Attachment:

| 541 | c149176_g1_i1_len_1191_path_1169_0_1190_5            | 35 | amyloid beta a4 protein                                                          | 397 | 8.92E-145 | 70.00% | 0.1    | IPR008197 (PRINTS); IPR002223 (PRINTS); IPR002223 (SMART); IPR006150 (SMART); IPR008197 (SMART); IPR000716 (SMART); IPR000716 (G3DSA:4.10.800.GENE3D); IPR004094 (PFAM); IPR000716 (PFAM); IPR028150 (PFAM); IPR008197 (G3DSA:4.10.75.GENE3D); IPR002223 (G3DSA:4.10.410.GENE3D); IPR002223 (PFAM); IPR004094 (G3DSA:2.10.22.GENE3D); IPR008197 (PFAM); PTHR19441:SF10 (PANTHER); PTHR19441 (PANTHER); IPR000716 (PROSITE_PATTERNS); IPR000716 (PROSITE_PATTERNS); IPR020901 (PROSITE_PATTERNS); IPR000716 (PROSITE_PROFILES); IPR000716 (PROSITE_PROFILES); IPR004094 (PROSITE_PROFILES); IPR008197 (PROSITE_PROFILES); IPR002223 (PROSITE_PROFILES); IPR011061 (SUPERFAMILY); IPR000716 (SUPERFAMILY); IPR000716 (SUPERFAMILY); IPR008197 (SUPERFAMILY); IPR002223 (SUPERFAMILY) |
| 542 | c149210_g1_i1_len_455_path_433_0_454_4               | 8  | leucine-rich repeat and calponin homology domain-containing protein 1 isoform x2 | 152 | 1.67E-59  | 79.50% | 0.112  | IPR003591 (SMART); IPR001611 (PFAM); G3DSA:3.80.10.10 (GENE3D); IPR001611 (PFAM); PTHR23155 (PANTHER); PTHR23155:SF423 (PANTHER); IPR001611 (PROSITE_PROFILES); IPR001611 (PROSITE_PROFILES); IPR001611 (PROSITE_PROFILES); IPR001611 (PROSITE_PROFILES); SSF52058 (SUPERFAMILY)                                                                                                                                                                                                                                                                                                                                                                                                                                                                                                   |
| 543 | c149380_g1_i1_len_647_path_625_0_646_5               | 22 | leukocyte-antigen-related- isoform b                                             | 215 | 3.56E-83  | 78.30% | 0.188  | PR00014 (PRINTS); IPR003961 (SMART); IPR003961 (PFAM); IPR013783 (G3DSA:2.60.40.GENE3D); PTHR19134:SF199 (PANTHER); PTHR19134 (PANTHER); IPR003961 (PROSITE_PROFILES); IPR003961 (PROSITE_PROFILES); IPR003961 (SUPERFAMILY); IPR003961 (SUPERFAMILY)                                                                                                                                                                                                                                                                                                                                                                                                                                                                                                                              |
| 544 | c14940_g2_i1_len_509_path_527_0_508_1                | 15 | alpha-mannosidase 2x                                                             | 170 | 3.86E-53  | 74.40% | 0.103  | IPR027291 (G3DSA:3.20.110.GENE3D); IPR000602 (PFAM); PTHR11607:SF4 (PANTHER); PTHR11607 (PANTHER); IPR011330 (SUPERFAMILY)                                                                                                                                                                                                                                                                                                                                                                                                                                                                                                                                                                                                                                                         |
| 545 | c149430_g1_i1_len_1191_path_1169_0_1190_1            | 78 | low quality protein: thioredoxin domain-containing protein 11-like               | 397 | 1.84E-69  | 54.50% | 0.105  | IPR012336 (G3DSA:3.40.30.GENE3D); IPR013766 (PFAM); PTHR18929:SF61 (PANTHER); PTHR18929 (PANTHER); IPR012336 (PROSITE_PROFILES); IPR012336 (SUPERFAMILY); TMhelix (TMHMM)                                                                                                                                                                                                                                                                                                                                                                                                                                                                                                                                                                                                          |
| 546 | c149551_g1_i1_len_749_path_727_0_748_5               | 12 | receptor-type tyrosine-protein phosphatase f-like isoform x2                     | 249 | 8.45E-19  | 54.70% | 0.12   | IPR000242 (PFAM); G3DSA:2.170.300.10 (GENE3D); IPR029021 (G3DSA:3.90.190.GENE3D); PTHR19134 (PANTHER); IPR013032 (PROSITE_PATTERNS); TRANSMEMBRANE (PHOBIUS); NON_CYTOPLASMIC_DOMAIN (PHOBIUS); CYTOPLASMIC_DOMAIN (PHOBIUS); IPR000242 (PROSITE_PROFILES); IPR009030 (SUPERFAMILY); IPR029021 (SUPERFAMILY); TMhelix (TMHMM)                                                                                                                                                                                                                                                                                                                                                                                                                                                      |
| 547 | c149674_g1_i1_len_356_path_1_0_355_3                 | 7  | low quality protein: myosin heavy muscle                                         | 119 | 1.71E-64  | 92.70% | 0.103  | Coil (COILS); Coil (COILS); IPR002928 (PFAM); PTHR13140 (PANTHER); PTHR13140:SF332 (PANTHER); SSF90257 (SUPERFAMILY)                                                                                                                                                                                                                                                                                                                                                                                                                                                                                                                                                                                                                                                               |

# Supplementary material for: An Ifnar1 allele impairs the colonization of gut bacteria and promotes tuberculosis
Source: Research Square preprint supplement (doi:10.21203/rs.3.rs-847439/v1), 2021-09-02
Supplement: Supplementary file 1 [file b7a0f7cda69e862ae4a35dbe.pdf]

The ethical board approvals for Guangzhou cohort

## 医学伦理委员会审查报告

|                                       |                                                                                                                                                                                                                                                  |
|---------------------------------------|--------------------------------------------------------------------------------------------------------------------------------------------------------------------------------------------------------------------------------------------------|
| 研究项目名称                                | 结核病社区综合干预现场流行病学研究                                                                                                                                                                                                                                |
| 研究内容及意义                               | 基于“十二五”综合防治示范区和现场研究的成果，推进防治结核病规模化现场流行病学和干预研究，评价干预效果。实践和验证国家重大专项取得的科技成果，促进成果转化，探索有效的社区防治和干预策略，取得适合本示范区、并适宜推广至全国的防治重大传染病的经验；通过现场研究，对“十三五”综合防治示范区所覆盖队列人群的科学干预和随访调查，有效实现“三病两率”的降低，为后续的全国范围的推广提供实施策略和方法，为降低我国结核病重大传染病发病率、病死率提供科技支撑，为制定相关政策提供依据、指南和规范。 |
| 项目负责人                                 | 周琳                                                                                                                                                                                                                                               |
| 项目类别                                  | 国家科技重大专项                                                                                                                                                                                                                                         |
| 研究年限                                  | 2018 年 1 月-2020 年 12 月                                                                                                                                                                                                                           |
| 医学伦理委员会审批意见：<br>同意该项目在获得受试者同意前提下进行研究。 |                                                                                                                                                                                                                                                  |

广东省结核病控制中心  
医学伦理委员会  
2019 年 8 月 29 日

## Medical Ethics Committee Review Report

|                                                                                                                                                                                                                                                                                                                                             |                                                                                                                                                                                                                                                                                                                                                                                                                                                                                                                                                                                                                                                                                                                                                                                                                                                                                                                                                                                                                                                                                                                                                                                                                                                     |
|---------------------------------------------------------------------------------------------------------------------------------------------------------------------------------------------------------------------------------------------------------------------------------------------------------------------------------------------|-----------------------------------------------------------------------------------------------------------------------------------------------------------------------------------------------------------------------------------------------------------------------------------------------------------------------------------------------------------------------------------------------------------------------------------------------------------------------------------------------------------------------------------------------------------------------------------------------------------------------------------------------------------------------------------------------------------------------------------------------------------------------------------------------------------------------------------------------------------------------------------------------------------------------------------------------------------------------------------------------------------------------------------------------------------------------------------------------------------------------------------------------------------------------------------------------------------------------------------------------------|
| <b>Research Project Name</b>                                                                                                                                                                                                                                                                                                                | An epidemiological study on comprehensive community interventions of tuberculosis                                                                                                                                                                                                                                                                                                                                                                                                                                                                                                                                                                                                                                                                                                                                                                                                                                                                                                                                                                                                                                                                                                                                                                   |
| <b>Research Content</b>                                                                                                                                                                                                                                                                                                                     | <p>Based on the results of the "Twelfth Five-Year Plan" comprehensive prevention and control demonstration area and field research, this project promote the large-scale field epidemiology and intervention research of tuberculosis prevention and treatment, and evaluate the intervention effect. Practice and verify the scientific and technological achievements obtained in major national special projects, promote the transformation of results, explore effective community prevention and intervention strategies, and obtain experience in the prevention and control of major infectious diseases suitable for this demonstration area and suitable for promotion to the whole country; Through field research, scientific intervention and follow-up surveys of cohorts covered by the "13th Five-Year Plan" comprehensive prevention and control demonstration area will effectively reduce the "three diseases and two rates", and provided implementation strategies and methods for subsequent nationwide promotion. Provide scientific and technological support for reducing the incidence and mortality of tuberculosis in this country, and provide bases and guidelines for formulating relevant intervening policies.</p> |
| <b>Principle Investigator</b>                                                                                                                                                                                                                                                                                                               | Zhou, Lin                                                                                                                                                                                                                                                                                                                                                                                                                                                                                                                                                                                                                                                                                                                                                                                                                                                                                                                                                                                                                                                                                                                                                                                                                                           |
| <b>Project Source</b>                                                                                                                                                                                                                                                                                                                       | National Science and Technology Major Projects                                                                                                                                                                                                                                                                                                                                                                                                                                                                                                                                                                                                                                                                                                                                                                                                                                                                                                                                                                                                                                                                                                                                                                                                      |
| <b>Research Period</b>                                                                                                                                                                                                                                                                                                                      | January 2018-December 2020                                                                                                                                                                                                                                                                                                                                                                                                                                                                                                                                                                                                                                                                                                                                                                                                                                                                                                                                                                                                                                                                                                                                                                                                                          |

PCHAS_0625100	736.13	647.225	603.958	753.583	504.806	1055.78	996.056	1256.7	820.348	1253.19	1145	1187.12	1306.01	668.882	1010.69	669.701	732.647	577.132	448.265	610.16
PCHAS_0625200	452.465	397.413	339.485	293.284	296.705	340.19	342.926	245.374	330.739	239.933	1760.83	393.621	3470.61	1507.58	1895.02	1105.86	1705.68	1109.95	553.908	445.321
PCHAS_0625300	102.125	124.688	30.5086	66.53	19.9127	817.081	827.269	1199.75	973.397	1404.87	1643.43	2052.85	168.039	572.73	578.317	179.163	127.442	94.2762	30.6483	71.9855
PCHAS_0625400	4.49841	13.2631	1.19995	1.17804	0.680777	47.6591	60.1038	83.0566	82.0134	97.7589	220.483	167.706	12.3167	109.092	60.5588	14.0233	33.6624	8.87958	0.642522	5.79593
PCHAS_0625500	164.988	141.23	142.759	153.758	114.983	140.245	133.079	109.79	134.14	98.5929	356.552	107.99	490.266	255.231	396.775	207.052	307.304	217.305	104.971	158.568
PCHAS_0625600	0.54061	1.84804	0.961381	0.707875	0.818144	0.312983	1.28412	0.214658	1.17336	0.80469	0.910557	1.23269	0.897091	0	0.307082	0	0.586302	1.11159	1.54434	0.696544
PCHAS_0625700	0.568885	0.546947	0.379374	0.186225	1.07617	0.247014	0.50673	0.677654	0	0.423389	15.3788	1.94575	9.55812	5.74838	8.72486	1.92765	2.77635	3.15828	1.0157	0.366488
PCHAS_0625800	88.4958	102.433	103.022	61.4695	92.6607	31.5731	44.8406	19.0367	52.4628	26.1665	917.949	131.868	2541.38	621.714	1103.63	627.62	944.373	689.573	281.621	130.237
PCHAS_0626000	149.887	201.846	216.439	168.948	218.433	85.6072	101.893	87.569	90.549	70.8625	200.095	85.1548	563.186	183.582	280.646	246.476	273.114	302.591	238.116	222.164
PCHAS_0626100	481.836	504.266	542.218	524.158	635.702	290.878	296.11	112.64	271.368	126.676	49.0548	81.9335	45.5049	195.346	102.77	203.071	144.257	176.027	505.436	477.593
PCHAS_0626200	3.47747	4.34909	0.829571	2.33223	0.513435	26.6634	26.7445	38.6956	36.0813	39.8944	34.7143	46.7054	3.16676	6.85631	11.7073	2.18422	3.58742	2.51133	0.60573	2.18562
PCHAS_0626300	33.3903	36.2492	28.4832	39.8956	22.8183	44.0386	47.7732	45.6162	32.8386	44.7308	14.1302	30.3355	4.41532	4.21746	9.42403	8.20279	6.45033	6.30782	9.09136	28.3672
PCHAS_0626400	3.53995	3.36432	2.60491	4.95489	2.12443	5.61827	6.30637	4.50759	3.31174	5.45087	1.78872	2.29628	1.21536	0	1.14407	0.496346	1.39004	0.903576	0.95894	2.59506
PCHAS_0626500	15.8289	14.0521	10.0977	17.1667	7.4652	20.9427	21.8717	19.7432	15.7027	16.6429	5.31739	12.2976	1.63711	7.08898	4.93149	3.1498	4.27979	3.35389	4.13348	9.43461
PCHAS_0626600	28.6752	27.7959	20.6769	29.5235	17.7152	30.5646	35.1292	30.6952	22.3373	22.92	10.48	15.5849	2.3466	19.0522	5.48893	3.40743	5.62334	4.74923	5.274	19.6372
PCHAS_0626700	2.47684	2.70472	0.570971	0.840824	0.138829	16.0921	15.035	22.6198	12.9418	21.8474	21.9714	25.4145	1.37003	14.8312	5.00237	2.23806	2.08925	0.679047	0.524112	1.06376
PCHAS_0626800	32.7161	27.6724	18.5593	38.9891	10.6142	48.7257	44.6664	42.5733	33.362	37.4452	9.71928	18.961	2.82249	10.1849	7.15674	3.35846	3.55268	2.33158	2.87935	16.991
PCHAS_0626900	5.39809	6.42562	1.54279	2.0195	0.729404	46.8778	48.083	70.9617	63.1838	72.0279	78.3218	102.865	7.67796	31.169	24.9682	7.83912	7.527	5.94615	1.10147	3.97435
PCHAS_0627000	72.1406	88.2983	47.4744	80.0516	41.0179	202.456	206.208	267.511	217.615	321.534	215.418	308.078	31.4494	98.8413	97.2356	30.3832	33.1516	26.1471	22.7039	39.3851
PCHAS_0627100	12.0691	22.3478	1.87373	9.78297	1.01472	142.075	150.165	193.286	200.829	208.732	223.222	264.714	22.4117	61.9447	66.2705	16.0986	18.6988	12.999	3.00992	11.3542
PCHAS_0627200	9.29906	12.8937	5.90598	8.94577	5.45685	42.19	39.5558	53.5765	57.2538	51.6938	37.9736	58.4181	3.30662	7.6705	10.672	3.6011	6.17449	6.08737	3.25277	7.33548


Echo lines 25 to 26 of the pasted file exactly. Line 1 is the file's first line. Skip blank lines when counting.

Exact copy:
|                                                                                                                                                                                                                                                                                                                                             |                                                                                                                                                                                                                                                                                                                                                                                                                                                                                                                                                                                                                                                                                                                                                                                                                                                                                                                                                                                                                                                                                                                                                                                                                                                     |
|---------------------------------------------------------------------------------------------------------------------------------------------------------------------------------------------------------------------------------------------------------------------------------------------------------------------------------------------|-----------------------------------------------------------------------------------------------------------------------------------------------------------------------------------------------------------------------------------------------------------------------------------------------------------------------------------------------------------------------------------------------------------------------------------------------------------------------------------------------------------------------------------------------------------------------------------------------------------------------------------------------------------------------------------------------------------------------------------------------------------------------------------------------------------------------------------------------------------------------------------------------------------------------------------------------------------------------------------------------------------------------------------------------------------------------------------------------------------------------------------------------------------------------------------------------------------------------------------------------------|